I learned about someone new recently. Her name is Mary Oliver. She’s a noted poet that most lesbians, feminists, women and all lovers of really, really good poetry probably already know about. But if you don’t, you should. I was pointed toward her poem “Wild Geese.” It made me cry.

Thank you, lesbian poet Mary Oliver 

Wild Geese

You do not have to be good.
You do not have to walk on your knees
for a hundred miles through the desert, repenting.
You only have to let the soft animal of your body
love what it loves.
Tell me about despair, yours, and I will tell you mine.
Meanwhile the world goes on.
Meanwhile the sun and the clear pebbles of the rain
are moving across the landscapes,
over the prairies and the deep trees,
the mountains and the rivers.
Meanwhile the wild geese, high in the clean blue air,
are heading home again.
Whoever you are, no matter how lonely,
the world offers itself to your imagination,
calls to you like
the wild geese, harsh and exciting–
over and over announcing your place
in the family of things.

I confess, I don’t know much about poetry. I don’t always know what a poem is supposed to mean. But I know I appreciate beautiful words strung together so easily that, for some reason, evoke an emotion from me. I see the imagery in this poem, I feel the comfort, I hear the rhythm. And the poem touched me.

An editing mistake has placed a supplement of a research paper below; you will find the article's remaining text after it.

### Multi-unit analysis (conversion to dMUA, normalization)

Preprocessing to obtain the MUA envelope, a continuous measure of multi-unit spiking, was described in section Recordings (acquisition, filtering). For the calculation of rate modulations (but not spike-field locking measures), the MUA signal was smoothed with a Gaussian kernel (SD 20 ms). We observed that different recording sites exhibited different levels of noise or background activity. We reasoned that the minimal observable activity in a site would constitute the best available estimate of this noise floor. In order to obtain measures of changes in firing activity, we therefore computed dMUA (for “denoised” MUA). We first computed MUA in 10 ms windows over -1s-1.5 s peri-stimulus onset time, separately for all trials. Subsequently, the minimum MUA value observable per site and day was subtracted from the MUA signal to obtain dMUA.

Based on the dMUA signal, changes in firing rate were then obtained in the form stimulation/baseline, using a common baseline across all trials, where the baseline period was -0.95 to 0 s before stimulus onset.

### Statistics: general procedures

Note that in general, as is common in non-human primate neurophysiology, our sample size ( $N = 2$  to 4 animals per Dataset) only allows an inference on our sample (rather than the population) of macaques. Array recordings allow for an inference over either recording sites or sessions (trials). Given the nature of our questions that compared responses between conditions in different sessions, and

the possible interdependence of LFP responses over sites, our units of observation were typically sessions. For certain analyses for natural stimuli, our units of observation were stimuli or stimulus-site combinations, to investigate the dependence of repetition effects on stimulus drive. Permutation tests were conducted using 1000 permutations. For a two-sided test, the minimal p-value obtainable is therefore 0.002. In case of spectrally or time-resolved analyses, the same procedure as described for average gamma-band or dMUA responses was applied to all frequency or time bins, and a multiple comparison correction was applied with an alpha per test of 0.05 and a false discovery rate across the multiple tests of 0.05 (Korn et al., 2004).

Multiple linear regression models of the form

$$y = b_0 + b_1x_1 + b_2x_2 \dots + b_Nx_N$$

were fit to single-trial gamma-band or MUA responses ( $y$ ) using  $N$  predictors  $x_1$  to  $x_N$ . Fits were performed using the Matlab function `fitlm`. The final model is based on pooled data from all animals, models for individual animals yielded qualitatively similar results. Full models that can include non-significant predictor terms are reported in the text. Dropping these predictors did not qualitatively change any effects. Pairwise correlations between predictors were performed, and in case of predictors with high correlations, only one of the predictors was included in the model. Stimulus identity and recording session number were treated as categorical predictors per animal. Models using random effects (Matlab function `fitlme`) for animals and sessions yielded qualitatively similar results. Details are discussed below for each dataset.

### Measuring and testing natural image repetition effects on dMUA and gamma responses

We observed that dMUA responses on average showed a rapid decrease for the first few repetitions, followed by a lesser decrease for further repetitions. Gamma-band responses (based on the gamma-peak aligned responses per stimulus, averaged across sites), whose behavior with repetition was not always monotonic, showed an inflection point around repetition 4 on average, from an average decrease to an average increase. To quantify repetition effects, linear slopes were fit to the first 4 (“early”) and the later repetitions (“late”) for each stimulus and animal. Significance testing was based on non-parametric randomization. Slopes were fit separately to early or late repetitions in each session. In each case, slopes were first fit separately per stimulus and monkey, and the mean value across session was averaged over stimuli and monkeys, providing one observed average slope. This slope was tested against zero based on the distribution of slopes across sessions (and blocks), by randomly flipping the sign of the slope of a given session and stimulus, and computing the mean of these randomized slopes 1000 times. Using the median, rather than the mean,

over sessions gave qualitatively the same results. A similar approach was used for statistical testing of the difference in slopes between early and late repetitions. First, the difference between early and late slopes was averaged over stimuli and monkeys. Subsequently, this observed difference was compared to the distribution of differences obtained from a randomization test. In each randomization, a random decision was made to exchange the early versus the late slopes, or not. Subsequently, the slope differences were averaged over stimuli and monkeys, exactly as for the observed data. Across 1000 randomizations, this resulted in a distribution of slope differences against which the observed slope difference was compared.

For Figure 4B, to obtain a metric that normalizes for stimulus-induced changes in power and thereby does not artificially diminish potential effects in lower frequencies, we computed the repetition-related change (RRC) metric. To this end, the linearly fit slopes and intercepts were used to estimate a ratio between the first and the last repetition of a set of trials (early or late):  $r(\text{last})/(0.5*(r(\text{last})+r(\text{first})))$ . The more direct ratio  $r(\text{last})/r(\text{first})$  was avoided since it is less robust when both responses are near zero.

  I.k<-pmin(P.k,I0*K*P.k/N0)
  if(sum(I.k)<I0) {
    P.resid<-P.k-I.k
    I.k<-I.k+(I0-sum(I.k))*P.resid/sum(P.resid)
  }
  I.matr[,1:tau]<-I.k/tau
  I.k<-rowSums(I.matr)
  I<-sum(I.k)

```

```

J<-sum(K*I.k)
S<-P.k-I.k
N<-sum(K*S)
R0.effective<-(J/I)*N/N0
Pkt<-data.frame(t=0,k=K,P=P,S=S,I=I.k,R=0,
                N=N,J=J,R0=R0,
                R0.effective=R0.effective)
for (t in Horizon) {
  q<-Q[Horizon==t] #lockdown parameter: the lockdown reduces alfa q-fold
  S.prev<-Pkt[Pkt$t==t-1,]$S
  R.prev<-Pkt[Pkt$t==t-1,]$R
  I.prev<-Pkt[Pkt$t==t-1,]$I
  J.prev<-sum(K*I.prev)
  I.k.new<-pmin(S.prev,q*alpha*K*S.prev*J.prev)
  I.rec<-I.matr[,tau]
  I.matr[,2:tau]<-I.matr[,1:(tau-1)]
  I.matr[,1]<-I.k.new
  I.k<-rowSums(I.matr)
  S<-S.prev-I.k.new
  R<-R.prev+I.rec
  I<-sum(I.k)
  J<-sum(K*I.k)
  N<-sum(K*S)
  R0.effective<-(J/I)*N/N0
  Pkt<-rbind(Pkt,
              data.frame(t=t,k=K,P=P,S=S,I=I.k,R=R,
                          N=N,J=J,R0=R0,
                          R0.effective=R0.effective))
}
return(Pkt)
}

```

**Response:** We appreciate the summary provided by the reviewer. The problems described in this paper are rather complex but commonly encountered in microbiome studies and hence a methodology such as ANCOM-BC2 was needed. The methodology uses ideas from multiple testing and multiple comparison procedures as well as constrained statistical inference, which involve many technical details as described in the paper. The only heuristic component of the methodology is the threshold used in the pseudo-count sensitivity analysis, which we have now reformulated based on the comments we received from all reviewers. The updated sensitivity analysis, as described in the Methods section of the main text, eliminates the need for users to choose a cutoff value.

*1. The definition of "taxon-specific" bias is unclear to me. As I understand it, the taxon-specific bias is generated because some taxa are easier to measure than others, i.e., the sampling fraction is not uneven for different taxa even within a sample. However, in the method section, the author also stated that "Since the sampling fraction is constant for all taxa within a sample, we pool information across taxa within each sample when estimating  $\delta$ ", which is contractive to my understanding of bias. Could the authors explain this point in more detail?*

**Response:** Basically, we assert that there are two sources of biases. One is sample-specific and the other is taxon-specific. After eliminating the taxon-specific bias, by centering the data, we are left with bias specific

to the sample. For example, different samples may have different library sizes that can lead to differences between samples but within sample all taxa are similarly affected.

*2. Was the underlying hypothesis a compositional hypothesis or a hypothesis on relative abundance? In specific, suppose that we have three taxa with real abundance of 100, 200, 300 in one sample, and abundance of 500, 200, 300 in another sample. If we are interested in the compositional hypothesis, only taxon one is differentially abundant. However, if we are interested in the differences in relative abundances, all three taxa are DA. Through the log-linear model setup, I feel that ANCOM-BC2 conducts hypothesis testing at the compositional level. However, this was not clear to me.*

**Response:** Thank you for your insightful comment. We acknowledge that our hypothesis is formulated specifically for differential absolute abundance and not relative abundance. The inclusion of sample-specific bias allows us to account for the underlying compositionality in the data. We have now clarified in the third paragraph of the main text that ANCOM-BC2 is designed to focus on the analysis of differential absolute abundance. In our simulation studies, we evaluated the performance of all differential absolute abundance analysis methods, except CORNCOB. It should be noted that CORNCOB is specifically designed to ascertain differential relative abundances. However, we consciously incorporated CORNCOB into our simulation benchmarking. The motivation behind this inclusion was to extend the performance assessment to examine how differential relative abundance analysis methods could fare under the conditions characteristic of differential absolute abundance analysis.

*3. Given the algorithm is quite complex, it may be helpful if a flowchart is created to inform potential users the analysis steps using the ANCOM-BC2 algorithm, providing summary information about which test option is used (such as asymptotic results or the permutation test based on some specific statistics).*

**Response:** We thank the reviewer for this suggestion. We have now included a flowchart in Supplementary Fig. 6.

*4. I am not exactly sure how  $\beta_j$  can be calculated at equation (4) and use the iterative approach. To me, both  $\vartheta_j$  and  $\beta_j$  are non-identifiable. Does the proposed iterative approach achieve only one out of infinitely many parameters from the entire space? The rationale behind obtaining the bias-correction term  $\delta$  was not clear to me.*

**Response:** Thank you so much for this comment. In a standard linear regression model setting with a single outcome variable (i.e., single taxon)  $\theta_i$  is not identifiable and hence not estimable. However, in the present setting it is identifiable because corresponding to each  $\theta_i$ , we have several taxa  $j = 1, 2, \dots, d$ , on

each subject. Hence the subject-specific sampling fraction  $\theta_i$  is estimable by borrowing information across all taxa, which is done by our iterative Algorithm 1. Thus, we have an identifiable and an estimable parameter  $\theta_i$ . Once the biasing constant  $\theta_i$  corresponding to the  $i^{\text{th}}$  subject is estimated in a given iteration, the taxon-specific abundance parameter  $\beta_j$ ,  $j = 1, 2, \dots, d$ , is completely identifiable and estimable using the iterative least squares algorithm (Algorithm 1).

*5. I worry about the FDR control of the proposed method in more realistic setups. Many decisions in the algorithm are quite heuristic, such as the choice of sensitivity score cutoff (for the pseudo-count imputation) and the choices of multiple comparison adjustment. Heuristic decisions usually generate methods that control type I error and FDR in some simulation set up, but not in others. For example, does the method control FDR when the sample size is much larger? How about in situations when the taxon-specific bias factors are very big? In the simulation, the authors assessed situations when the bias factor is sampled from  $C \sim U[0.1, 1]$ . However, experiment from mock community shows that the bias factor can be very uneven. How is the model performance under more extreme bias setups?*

I don’t read much poetry anymore, unfortunately. But I’m glad I found out about Mary Oliver. I read some more of her poems and also was moved by each of them. So then I decided to find out exactly who she is.

Well, she’s still alive, for one.

A simple biography of Oliver states she was born in Ohio in 1935 and she won a Pulitzer Price in 1983 for her volume, “American Primitive.”

And, oh, yeah. She’s a lesbian.

But she’s not an outspoken one, as noted in her biography by GLBTQ literature .

According to this bio, “Pulitzer Prize-winning poet Mary Oliver has not been an outspoken lesbian activist. Although she has been a respected and widely published writer since the 1960s, she has publicly acknowledged her lesbianism only since the early 1990s, and then only in subtle, discreet ways. However, her poetic voice — a neo-Romantic expression of the unity of nature, creature-hood, and spirit — is one that is deeply resonant with contemporary lesbian consciousness, and many lesbians claimed Oliver as one of their own long before she ‘officially’ came out in 1993.”

She remained with her partner in business and life Molly Malone Cook until Cook died in 2005.

For Oliver, the earth is her muse. Her poetry reflects that deeply.

Lately, I find peace in my world by watching a big Blue Jay or a mockingbird feed from a large block of bird food I have hanging near my door. And I don’t have to be a queer to appreciate a Blue Jay gobbling down nuts.

But I am.